Ten years ago those type of relocatable homes may have been uncommon; however, much has changed in a decade and they have gained in significant popularity. Technically identified as ‘manufactured homes’, they are governed by the Manufactured Homes (Residential Parks) Act 2003 (Qld). They are commonly transacted, with the transactions involving the sale of the house as a chattel and the assignment of the lease between the real property owner/park manager, seller, and purchaser.18

They are increasingly popular with retirees for a number of reasons19 including exemptions from stamp duty,20 no exit or entry fees, no body corporate fees, lifestyle security and safety, to name a few. In a 2013 manufactured homes survey21 it was identified that, at that time, there were some 14,000 home sites in registered parks across Queensland with an estimated 24,200 people living in manufactured homes.

About 88% of occupants are aged 65 plus. While the majority of manufactured homes transact for less than $100,000, there is a steady increase in price and prestige, with newer parks including golf courses, restaurants, medical facilities and waterside locations. For example, at the time of writing this column, my firm undertook a conveyance of one such high-end relocatable home which transacted for more than $600,000. While that is currently unusual, we are regularly engaged to assist in the conveyance of these homes, with average prices of around $300,000.  22.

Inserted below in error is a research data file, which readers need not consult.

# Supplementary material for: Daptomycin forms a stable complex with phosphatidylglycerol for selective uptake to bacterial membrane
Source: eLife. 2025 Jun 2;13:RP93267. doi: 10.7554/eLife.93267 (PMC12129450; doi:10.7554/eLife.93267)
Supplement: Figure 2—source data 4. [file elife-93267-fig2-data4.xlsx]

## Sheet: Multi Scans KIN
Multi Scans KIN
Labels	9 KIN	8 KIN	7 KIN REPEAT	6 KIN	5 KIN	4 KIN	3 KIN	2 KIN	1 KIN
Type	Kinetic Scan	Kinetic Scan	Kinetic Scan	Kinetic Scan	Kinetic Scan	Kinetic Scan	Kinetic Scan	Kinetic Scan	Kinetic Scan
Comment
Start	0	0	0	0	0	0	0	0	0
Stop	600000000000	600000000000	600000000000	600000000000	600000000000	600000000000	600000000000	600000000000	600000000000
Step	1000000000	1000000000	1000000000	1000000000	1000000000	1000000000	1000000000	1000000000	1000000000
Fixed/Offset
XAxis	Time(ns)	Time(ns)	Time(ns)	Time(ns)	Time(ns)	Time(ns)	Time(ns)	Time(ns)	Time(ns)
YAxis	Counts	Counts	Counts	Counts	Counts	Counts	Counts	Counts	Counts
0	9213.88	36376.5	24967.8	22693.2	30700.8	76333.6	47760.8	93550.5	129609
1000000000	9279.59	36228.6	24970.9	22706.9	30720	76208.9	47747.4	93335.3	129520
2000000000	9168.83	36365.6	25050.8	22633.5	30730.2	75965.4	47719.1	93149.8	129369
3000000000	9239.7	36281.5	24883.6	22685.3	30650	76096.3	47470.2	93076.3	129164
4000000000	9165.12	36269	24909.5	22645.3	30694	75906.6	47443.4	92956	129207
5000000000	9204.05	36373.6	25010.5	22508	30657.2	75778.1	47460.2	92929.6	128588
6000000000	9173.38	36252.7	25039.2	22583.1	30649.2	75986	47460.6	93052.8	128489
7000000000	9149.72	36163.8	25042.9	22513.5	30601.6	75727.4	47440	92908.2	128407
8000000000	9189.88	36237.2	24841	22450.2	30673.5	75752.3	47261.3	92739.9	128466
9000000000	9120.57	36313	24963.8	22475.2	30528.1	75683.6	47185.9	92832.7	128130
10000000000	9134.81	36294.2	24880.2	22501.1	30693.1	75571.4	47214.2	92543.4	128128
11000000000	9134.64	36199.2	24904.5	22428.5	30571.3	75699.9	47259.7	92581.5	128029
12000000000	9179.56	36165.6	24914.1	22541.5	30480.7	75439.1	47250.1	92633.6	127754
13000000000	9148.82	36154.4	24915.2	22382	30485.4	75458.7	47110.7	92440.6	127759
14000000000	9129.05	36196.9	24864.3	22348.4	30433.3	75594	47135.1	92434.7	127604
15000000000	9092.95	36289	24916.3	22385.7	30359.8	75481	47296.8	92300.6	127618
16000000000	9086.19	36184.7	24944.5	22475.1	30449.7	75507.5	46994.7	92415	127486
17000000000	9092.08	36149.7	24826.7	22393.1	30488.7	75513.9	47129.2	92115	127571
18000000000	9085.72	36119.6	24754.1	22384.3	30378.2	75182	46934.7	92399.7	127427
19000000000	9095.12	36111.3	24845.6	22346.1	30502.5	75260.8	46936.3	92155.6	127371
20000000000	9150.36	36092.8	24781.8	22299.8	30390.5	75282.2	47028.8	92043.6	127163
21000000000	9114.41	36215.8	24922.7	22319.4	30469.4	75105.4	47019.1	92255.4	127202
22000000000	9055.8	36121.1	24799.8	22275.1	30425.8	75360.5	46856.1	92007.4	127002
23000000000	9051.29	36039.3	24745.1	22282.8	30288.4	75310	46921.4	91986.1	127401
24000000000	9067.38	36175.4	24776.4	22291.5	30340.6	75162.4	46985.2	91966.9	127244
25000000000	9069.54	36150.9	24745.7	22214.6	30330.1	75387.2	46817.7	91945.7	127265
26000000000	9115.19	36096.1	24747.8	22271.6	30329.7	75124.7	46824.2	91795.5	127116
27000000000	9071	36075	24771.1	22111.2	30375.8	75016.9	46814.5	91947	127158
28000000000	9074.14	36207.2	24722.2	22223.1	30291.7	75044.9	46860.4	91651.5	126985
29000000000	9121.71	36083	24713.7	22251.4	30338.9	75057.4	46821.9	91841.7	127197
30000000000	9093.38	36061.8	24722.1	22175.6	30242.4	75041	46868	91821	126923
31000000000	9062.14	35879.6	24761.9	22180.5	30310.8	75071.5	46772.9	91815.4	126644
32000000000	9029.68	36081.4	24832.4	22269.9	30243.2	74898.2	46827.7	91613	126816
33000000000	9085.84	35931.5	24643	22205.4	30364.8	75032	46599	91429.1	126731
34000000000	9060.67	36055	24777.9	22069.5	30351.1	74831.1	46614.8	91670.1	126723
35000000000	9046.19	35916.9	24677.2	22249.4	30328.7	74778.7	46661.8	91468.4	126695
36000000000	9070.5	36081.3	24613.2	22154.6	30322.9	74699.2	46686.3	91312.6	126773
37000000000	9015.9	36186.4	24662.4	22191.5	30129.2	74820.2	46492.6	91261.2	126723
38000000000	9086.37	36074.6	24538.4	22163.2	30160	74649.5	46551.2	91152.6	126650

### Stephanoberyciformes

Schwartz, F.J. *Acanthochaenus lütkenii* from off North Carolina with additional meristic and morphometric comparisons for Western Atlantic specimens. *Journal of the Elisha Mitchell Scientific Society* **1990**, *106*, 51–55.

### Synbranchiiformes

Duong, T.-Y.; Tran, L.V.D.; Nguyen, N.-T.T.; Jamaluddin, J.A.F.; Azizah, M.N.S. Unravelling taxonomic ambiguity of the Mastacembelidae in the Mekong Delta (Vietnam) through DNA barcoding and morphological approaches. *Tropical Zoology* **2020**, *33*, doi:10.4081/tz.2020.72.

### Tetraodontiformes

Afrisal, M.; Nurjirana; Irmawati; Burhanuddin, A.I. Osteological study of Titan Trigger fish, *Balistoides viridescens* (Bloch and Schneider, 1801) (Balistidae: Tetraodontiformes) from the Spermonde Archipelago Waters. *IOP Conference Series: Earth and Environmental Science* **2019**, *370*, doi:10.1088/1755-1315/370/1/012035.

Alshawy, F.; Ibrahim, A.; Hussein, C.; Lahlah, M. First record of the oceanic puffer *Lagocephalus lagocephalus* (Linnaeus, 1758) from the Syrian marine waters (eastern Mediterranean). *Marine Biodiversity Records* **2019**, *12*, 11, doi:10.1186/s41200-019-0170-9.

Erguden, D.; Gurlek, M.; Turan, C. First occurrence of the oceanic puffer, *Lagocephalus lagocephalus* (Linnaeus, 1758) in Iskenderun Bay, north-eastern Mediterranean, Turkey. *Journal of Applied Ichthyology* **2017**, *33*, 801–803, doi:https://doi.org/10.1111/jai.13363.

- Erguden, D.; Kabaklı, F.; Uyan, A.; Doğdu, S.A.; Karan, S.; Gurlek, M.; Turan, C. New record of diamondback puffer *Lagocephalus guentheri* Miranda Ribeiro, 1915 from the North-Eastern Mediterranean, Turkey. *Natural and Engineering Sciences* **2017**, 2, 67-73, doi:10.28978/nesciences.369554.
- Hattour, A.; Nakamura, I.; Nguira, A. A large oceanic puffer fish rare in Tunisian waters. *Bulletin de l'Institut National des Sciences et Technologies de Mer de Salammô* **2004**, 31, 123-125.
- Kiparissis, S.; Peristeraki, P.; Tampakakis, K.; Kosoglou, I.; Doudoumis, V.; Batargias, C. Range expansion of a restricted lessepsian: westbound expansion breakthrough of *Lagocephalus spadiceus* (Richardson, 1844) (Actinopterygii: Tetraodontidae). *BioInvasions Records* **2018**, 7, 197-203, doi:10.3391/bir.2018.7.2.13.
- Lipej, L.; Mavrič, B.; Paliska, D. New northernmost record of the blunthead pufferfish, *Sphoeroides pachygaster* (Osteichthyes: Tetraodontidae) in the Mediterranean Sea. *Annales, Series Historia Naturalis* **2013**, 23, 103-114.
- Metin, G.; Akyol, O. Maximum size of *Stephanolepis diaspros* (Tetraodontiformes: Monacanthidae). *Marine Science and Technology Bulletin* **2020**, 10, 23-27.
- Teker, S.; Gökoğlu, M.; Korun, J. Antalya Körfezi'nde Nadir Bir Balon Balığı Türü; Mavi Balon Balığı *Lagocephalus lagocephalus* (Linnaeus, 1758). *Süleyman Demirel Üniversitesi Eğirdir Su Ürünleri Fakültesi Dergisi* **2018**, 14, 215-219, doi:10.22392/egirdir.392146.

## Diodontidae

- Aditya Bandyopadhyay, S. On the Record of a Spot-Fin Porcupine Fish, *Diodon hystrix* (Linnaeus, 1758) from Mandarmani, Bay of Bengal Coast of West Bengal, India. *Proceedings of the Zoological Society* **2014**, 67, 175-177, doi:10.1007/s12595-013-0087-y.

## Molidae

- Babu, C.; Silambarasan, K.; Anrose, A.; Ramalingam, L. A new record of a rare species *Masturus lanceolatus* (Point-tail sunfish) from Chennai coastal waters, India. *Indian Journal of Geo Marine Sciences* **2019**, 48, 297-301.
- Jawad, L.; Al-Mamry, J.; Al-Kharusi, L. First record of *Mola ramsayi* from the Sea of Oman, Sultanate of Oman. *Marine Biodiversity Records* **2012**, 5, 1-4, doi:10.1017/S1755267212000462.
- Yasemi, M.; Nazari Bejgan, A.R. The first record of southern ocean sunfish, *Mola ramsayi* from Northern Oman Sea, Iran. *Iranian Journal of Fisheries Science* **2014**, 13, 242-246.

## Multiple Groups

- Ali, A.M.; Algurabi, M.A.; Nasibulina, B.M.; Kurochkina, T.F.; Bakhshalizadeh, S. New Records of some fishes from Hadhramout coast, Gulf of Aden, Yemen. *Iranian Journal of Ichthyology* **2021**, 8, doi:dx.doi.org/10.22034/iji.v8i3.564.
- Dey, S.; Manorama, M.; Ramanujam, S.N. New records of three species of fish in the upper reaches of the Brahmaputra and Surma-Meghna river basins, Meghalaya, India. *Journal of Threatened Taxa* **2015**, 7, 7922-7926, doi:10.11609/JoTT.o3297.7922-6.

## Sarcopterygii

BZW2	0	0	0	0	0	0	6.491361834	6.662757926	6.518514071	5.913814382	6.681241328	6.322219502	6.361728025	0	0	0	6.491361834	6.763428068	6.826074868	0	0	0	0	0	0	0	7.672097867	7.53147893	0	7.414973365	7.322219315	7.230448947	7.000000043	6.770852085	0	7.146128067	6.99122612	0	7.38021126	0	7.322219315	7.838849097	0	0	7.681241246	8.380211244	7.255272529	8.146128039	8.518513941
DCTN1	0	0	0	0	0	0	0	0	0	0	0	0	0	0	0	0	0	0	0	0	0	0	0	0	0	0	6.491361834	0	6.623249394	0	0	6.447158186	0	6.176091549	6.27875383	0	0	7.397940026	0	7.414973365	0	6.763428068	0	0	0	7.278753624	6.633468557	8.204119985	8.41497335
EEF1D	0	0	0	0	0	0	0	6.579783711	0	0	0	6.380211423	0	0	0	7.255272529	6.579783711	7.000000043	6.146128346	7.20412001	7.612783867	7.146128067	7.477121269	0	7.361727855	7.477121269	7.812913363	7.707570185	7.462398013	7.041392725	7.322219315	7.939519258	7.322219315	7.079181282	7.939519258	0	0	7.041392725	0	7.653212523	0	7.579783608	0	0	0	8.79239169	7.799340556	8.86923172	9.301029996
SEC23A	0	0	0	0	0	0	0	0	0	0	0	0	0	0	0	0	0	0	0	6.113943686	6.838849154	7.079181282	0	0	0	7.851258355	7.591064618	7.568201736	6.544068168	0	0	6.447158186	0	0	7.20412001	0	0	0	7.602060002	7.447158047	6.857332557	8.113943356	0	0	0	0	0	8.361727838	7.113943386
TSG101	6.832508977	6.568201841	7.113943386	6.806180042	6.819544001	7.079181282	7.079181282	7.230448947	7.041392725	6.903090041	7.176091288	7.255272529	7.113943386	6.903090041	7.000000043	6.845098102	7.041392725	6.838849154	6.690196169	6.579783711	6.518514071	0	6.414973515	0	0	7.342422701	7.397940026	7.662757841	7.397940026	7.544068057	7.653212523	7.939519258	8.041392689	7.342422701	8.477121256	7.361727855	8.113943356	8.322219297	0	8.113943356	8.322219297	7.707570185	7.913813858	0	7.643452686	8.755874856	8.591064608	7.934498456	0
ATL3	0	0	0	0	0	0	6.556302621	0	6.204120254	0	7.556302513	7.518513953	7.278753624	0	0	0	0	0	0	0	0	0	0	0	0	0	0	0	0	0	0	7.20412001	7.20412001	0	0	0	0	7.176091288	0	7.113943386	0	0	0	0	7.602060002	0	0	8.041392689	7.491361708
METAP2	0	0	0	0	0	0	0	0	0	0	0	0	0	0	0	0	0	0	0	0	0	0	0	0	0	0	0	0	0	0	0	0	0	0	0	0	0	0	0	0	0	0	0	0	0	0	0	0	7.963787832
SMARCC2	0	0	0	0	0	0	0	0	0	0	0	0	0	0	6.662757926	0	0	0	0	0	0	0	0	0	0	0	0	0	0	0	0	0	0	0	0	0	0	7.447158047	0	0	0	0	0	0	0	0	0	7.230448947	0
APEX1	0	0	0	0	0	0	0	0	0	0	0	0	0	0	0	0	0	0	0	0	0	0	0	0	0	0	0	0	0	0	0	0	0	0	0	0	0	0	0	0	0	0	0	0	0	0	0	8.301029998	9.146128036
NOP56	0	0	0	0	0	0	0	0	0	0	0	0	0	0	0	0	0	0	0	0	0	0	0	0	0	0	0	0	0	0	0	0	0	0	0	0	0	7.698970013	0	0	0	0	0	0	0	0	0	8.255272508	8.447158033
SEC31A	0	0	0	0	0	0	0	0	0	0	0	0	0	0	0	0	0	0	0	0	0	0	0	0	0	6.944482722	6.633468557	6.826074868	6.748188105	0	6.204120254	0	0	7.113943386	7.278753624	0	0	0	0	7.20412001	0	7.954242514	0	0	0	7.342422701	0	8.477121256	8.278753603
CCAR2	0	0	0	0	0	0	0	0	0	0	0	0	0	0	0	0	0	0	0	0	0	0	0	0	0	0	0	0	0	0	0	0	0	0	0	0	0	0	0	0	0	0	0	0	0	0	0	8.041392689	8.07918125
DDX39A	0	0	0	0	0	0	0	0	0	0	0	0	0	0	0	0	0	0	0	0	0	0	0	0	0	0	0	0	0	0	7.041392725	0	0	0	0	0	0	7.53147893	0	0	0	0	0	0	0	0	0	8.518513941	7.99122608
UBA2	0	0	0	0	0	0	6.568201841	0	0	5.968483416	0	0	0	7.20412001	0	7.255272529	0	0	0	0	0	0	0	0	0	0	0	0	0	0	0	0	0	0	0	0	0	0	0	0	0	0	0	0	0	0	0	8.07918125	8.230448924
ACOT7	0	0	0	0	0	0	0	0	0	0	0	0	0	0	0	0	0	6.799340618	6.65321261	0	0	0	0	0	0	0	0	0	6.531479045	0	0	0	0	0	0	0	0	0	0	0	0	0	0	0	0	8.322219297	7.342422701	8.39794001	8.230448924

With the survey identifying some homes selling for as much as $1.25 million 23,  it is likely that practitioners will increasingly encounter these types of properties in will instructions. To that extent, this decision has brought to our attention that what we once thought as ‘usual’ cannot be assumed.

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1 To adapt a quote originally by Henry Winkler.

2 At [18]

3 At [11]

4 At [13]

5 At [8]

6 At [33]

7 At [28]-[34]

8 At [36]

9 At [34]

10 lbid.

11 At [38]

12 At [47]

13 At [61]

14 At [62]

15 Ibid.

16 At [63].

17 At [49].

18 Which can only occur by way of written agreement. In accordance with Section 44 Manufactured Homes (Residential Parks) Act 2003 (Qld).

19 At page five, ‘Manufactured Homes Survey Report 2013″,

20 See s138 & s146 Duties Act 2001 (Qld).

21 ‘Manufactured Homes Survey Report 2013’

22 At page five, ‘Manufactured Homes Survey Report 2013’.

23 Ibid.